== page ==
The guitar player Joe Bonamassa is famous in the Rock music world for collecting guitars. Every time somebody finds an amazing guitar, their first thought is that maybe Joe Bonamassa will buy it. He has a guitar collection that when he dies there will be a museum just of his guitars because he has made a study of them and he has bought all the right ones. John’s sense of the 59 Les Paul that belonged to Ed King, the Skynyrd guitar player, is that some kind of deal happened.

John doesn’t know the terms of it obviously and he is not close enough with Jason that he would ask him, but it seems like the estate of Ed King worked out an arrangement where that guitar is now in the hands of Jason Isbell. It is not clear whether it is a lifetime lease or whether some benefactor lauded for him. If somebody said: ”Dan, you can’t have this thing, but you can use it as long as you want to use it”, he wouldn’t want that, and his son is the same. Something feels unnatural about that.

John’s apartment on Capitol Hill being on a 100 year lease (RW189)

When John lived on the block which is now the center of the CHOP Capitol Hill Occupied Zone, his apartment was in a former tire warehouse that got converted into apartments. That whole neighborhood is now the heart and soul of Capitol Hill where all the bars are and all the young people stroll the boulevard, but in 1995 there was one bar there The Comet, and a new venue called Moe’s Mo’ Rockin’ Cafe went in there, but it was the old auto row with auto shops and part supply stores. The guy who had the building that John lived in was an impresario who had gotten a 100 year lease on the building and then started renting out spaces in it.

Their friend Tommy, who was the Rock’n’Roll carpenter, threw up some walls and divided the space into probably 20 spaces that were all about 1500 square feet. He didn’t put any plumbing in the building, there was a bathroom at the end of the hall, and he didn’t really wire the spaces for electricity. The owner said: ”All right, I am renting these out, but they aren’t living spaces (wink, wink) and the renters are responsible for improving the spaces. You can do whatever you want within the 1500 square feet, but anything you do to the building belongs to me and you are not allowed to live here (wink, wink)!”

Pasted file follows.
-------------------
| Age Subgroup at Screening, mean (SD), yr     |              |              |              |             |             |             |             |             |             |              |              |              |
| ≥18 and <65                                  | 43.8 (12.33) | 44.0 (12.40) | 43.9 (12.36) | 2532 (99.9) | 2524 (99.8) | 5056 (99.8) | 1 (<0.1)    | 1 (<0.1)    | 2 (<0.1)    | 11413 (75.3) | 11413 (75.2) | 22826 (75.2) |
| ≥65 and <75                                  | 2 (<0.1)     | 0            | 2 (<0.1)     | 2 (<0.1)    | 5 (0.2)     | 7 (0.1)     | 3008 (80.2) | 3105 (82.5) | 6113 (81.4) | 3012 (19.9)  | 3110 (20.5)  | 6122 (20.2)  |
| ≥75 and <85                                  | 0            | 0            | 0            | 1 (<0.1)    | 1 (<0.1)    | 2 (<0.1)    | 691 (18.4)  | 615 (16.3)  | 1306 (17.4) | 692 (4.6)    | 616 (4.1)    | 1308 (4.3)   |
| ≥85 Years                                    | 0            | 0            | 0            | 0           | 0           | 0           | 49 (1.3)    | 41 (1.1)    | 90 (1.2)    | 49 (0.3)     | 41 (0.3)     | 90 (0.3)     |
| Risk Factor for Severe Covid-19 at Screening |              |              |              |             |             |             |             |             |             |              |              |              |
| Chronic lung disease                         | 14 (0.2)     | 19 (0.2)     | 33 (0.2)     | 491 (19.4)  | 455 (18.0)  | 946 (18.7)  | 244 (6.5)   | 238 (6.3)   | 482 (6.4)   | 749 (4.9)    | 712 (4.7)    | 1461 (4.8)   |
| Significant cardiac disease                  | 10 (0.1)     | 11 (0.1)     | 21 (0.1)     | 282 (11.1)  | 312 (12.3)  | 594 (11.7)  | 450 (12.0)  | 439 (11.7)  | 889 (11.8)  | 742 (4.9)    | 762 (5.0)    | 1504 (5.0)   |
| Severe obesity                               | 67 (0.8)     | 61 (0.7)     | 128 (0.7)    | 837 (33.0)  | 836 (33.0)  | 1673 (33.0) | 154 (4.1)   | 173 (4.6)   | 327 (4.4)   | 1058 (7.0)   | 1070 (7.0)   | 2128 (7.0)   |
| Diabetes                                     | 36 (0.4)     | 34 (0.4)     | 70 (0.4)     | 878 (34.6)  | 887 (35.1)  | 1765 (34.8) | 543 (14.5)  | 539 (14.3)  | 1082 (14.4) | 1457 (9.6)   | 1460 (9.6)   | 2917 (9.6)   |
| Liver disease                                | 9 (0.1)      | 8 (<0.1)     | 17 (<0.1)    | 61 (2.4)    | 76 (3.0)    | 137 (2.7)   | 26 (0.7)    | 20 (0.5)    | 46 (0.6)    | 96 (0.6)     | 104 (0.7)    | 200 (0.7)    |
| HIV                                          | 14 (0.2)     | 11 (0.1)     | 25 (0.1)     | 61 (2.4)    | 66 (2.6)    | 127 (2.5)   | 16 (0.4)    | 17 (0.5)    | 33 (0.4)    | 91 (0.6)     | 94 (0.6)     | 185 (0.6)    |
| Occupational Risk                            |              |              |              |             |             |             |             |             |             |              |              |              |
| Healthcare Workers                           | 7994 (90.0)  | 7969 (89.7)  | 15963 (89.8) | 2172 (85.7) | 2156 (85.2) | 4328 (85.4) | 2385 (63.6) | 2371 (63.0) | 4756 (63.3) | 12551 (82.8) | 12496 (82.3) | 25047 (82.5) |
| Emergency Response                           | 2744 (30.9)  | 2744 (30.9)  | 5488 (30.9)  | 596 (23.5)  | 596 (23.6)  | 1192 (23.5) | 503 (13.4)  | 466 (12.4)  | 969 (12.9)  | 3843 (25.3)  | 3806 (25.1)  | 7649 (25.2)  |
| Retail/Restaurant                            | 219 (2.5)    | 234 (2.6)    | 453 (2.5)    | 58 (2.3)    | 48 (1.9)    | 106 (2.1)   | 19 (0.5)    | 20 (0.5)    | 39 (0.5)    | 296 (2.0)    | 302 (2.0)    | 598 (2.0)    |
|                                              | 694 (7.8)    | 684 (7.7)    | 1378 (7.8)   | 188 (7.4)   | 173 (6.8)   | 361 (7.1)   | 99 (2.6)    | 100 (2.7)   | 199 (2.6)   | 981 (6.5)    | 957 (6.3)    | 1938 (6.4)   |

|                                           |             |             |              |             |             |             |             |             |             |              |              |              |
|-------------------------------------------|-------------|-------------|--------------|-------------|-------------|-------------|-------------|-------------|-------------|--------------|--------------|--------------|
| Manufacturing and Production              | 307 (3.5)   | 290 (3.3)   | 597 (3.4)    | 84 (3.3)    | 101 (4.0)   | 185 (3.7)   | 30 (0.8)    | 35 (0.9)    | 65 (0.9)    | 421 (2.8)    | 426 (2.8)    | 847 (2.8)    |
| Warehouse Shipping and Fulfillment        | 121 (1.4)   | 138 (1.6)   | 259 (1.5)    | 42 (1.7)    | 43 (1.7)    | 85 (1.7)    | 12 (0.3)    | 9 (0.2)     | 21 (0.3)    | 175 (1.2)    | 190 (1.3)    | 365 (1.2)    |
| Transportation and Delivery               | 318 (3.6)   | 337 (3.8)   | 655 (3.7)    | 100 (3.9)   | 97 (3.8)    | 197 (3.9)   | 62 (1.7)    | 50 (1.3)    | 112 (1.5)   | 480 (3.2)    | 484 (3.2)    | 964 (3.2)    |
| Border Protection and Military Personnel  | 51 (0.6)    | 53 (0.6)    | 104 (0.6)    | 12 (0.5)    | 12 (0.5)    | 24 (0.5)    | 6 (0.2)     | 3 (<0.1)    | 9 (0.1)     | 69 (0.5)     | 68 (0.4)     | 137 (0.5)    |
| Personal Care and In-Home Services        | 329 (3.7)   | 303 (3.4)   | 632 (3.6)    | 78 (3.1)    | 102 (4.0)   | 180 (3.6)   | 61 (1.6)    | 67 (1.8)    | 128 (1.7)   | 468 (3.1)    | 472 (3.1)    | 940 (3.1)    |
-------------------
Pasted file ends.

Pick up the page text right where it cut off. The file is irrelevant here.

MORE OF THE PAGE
A few of them did turn their space into their art studio, a couple became art galleries, but down at the end of the hall they all moved into them. Whoever worked for the city enforcing code came around once a year and they all had to very quickly convert their apartment into an art gallery and hide all the beds. It was already a cool kid art gallery looking space because that is how they were all living, with things all over the walls that their friends had done. They had a stage in their apartment that they put on shows. The word would go out when the inspector was coming. John did all the wiring for that apartment and none of that would have passed code. Nothing ever got inspected. When the inspector was supposedly coming to the building they were told not even to be there.

It was all based on an economy of popsicle sticks. How could this all be happening in a building that this guy didn’t even own? some rando family that lives in Tucson, Arizona inherited this building from their great grandfather and they didn’t want to sell it and leased it to this guy for 100 years? No-one is going to live longer than 100 years, so this guy therefore has exclusive use of this building for the rest of his life. There were surely terms built in where the cost increases within the lease are going to work to this guy’s advantage. He bet on Capitol Hill becoming nicer and nicer and he absolutely won that bet.